Amazon’s Prime Day is one of the wildest sales events of the year, and for brands who do it right, it can be a homerun akin to Black Friday. A successful Prime Day can greatly increase your profits and attract thousands of new customers. It can also be really daunting.
In a recent webinar, Pattern’s Chief Revenue Officer John LeBaron sat down with Senior Brand Manager Newel Cobb and Coravin’s Director of Business Development Jessica Bourne to talk about how brands can best prepare for Prime Day and what the event may look like in the year of Covid-19.
Here are some takeaways that can help your brand plan a successful Prime Day.
As you start preparing for Prime Day—and you’ll want to prepare as early as possible to make the event a success—consider your goals. Do you want to increase sales? Raise brand awareness? Move inventory? These are all things to consider as you choose your strategy.
According to LeBaron, there are three major Prime Day brand strategies: Stand Your Ground, Go All In, or Hybrid.
The Stand Your Ground approach to Prime Day is when your brand chooses not to play. While this may leave the door open for your competitors and lead to missed opportunities for your brand, you can still find lots of success on Prime Day with this approach.
“By standing your ground, you may not have to go head over heels getting coupons or lightning deals etcetera to really ride that traffic wave,” Cobb said. “If you can just ride that traffic wave, you avoid the expensive part of prepping for Prime Day and possibly failing at Prime Day.”
On Prime Day in 2019, less than 1% of Pattern products were on discount, but Pattern still sold 53% more units that day than they did the same day during the previous week.
Another benefit of this approach is you can avoid potential overstocks or arbitrage.
The opposite approach to Stand Your Ground is Going All In, where a brand discounts and markets all of their skus. This method can give you lots of successes. It can help you gain market share, move a lot of inventory, and experience unexpected wins across your catalog. It can also incentivize new customers to check out your brand.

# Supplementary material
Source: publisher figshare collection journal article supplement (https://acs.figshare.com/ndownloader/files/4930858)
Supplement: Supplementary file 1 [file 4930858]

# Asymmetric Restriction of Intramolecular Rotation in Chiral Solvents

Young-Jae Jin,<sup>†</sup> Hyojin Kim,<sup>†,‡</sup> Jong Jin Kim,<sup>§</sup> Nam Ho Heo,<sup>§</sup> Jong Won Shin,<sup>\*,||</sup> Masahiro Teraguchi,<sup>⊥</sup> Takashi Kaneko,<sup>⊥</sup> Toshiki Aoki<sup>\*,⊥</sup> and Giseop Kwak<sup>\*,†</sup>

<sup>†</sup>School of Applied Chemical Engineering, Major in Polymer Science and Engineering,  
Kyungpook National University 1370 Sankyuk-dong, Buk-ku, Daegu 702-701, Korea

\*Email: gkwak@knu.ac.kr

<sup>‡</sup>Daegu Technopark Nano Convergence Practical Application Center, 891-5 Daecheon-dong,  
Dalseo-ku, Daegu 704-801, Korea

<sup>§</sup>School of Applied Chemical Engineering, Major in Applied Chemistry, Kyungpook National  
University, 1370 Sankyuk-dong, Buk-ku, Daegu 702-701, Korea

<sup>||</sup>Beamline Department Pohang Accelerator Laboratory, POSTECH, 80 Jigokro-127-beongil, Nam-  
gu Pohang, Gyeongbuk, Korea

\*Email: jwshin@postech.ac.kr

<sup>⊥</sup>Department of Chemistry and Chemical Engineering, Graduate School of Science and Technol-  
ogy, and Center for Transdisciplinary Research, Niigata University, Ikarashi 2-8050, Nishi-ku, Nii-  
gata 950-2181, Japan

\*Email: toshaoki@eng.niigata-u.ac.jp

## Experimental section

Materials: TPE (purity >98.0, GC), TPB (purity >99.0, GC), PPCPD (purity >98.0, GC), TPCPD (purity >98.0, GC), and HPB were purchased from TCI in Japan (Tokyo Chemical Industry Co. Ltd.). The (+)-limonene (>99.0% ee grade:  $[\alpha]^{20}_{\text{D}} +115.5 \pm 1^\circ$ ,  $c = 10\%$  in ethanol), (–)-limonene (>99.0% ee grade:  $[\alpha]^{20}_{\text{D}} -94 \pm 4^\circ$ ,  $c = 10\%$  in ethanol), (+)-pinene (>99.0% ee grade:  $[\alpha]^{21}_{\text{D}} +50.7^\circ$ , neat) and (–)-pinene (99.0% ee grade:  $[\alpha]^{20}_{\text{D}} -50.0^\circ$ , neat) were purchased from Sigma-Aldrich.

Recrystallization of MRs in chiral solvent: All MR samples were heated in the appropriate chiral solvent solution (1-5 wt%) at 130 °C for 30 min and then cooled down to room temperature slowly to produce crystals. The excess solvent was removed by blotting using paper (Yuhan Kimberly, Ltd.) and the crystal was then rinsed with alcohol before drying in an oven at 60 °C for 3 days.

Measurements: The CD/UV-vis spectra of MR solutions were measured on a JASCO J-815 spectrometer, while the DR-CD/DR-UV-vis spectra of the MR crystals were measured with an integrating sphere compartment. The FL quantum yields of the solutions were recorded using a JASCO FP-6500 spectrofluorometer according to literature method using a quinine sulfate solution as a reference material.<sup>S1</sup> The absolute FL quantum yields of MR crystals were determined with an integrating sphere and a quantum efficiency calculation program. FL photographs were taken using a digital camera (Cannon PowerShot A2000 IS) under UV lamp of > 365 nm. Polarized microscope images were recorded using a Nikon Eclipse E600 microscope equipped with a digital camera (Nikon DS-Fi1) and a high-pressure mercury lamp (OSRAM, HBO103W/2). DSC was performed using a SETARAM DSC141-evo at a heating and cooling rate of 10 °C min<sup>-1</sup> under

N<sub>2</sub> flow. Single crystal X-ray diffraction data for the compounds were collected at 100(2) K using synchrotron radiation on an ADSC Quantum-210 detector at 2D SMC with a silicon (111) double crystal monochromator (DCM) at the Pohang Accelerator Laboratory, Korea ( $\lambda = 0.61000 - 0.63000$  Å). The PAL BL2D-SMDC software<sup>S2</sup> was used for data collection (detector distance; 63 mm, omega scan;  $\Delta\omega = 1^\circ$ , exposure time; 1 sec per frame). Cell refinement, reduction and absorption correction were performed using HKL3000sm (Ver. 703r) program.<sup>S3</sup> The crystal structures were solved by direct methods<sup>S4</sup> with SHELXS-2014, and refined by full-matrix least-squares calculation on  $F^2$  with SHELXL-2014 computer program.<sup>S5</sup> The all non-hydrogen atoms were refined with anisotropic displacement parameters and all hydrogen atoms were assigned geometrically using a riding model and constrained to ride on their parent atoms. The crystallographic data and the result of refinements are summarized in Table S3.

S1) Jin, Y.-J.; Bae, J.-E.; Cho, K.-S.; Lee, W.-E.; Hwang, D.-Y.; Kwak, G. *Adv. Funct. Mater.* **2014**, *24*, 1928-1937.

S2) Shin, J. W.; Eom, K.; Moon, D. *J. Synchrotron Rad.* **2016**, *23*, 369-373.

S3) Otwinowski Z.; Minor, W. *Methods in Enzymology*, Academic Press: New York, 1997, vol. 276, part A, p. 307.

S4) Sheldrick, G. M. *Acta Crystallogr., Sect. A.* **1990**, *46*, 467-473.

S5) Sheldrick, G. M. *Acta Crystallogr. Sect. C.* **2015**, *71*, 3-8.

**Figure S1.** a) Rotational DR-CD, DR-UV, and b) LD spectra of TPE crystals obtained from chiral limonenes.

Going all in has its drawbacks. This strategy can be time consuming and expensive. It’s also harder to track your ROI, because you don’t have a control group to measure data collection against. Your post-Prime Day sales bump may not be worth the investment. By going all in, you risk arbitrage and may have inventory shortages that seriously hurt your brand down the road. It’s important to keep all these things in mind as you plan.
The final strategy is the happy medium between Going All In and Standing Your Ground where brands participate in Prime Day, but on a limited scale.
Coravin is one brand that’s successfully strategized with the Hybrid model. According to Bourne, Coravin focused on promoting and discounting one SKU during Prime Day instead of their whole catalog. By doing so, they prevented their brand from creating arbitrage opportunities across the market.
Participating in Prime Day with this strategy was less costly for Coravin, and it allowed them to collect data with a control group so they can better plan for future promotions.
Like the other two strategies, the Hybrid model has its cons: it presents missed opportunities, it can take a little more planning, and it’s easier for brands to get lost in the chaos of Prime Day since they’ve got limited discounts.
Making your product listings as clean and informative as possible makes your catalog easy to discover and easy to shop when a million other brands are clamoring for attention. Include keywords and phrases customers are already searching for in your listing titles and descriptions. According to Bourne, even if your title is really long, those little details allow shoppers to understand what they’re getting right from the category page. The same goes for your descriptions: taking advantage of every bullet point allows customers to shop confidently and trust your brand.
Another thing you’ll want to do is make sure your image stack is high quality and shows exactly what’s included in the product bundle. It may also be helpful to provide informative images that show customers exactly how to use your product.
Cleaning up keywords and images as well as maintaining a positive sales history, good prices, and great customer service, can help you improve your ranking in search results so you make more sales.
Amazon conversion rates jump to over 50% during Prime Day events. To really maximize the success of your brand, Cobb says you’ll want to get your brand’s conversion rate up to 10% prior to Prime Day. That’s worth two to four times as much during the Prime Day period.
While Prime Day is native to Amazon, it’s rapidly becoming an omni-channel shopping event where customers use Chrome extensions and blogs to shop across the entire ecommerce ecosphere. Because of this, your other channels, like social media and your D2C, should be just as ready for Prime Day as your Amazon store so you can capitalize across the market.